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Women Must Choose to Rise Up Despite Past, Current and Future Circumstances

Jackie Barwell ACI Worldwide

Money20/20, Europe’s biggest payments and fintech event, was recently held in Amsterdam and featured Rise Up Money20/20, a global program designed to address the gender imbalance in leadership positions within the financial services and fintech industries. A cohort of 30 female professionals was selected to take part in an exclusive curated agenda, complete with a series of bespoke content sessions, one-to-one mentoring and unique networking opportunities.

Jackie Barwell, ACI’s Director of Fraud and Risk Product Management, was picked to be part of Rise Up 2019. Here she talks with me about why she is excited to be part of Rise Up and why the Academy’s work is so important.

Nidhi Alberti: Congrats on your selection to the Rise Up program at Money 20/20 Europe. How did it feel to be among the few selected?

Jackie Barwell: Thanks! It was exciting to find out I had been selected. Looking back at a career in banking and fintech that spans over 30 years, I sometimes stop and wonder where I would have been had it not been for key mentors who believed in me and spurred me on to be the best version of myself. My career to date has flourished because of their guidance, encouragement and belief in me. So when I had an opportunity to become a mentor myself through Money20/20 Europe's Rise Up Academy 2019, and to share my story, I jumped at the chance and applied, and am proud to have been chosen to represent the Academy in Amsterdam.

NA: Tell me a bit about how you got started in your decades-long career in the financial services industry.

JB: My start in life wasn’t the kind that would be viewed as a firm foundation for a successful and purposeful future, as I found myself in foster care and children’s homes from the age of five for a number of years. But I had shown signs of academic potential and was encouraged by my junior school teachers to take the 11+ exams, which I passed, thus allowing me to attend a grammar school. I gained 8 ‘O’ levels, left school at 16, and pretty much grabbed the first job I could find!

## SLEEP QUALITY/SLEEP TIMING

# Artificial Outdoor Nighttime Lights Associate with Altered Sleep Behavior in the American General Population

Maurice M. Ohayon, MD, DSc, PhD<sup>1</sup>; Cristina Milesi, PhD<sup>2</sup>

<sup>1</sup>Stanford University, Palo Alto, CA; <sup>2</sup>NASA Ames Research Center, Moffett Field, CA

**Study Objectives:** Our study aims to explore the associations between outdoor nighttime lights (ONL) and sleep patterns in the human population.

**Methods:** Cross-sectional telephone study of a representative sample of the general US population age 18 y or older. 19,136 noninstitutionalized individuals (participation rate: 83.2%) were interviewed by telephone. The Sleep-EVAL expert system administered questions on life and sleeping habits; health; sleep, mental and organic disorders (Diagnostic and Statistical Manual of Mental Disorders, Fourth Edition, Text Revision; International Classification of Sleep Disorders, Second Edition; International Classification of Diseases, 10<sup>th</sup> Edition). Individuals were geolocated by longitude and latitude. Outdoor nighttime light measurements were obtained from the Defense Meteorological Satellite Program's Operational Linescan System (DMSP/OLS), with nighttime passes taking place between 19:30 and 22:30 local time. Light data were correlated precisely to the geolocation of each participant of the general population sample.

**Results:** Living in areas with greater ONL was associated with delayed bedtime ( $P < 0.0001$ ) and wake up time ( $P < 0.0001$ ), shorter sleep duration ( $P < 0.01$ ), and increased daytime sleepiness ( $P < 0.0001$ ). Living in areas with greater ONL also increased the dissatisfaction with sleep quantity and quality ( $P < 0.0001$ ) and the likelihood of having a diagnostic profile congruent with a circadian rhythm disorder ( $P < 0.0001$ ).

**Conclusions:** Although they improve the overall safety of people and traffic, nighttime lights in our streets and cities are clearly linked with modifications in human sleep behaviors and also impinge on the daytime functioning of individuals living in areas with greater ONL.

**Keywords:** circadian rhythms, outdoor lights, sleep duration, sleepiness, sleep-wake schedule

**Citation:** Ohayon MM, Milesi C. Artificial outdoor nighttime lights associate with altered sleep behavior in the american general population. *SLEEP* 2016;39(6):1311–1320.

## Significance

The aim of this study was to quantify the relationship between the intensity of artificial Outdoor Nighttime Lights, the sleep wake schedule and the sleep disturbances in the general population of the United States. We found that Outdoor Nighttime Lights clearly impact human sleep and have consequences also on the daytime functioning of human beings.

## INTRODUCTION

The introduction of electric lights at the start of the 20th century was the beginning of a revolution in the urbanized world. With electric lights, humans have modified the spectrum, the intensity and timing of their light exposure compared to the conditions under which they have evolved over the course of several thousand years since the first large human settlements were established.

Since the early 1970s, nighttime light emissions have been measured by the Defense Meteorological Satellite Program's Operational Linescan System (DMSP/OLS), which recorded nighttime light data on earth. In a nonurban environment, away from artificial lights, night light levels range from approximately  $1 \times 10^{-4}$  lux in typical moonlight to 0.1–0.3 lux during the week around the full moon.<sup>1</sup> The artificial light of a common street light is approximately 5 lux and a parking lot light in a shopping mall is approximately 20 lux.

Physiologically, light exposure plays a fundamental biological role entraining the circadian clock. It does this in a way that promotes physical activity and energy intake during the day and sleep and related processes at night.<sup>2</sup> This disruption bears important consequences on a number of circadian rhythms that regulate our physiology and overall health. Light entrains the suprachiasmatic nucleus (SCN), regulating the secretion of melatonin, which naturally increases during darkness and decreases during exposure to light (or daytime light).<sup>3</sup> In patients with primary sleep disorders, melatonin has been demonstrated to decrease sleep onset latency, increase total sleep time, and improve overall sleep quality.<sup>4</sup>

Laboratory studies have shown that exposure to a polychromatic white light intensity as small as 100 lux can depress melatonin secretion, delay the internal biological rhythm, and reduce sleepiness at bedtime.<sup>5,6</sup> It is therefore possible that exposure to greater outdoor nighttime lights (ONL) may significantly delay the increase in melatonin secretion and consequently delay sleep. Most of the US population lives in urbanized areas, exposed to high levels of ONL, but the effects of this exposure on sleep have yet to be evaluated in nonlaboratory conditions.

I worked at a local newspaper as an office junior and I would order stationery, deliver mail, and operate the switchboard at lunch time. This was all a good starter for someone who had come right out of a straight-laced academic school. I also took the initiative of enrolling in a night school to learn the art of touch-typing – a skill that has held me in good stead ever since. That skill led me to being promoted to telesales within the newspaper, where, after a year, I found myself typing up a ‘situations vacant’ advertisement over the phone for someone at Clydesdale Bank. They were looking for an audio secretary for a post at their St James’s Street Branch in London. I cheekily asked that they interview me for the role, and if I turned out to be unsuitable, they were still in time for the upcoming week’s newspaper. Well, they interviewed me and I got the job! That was the start of a 30-year career within the banking and fintech world.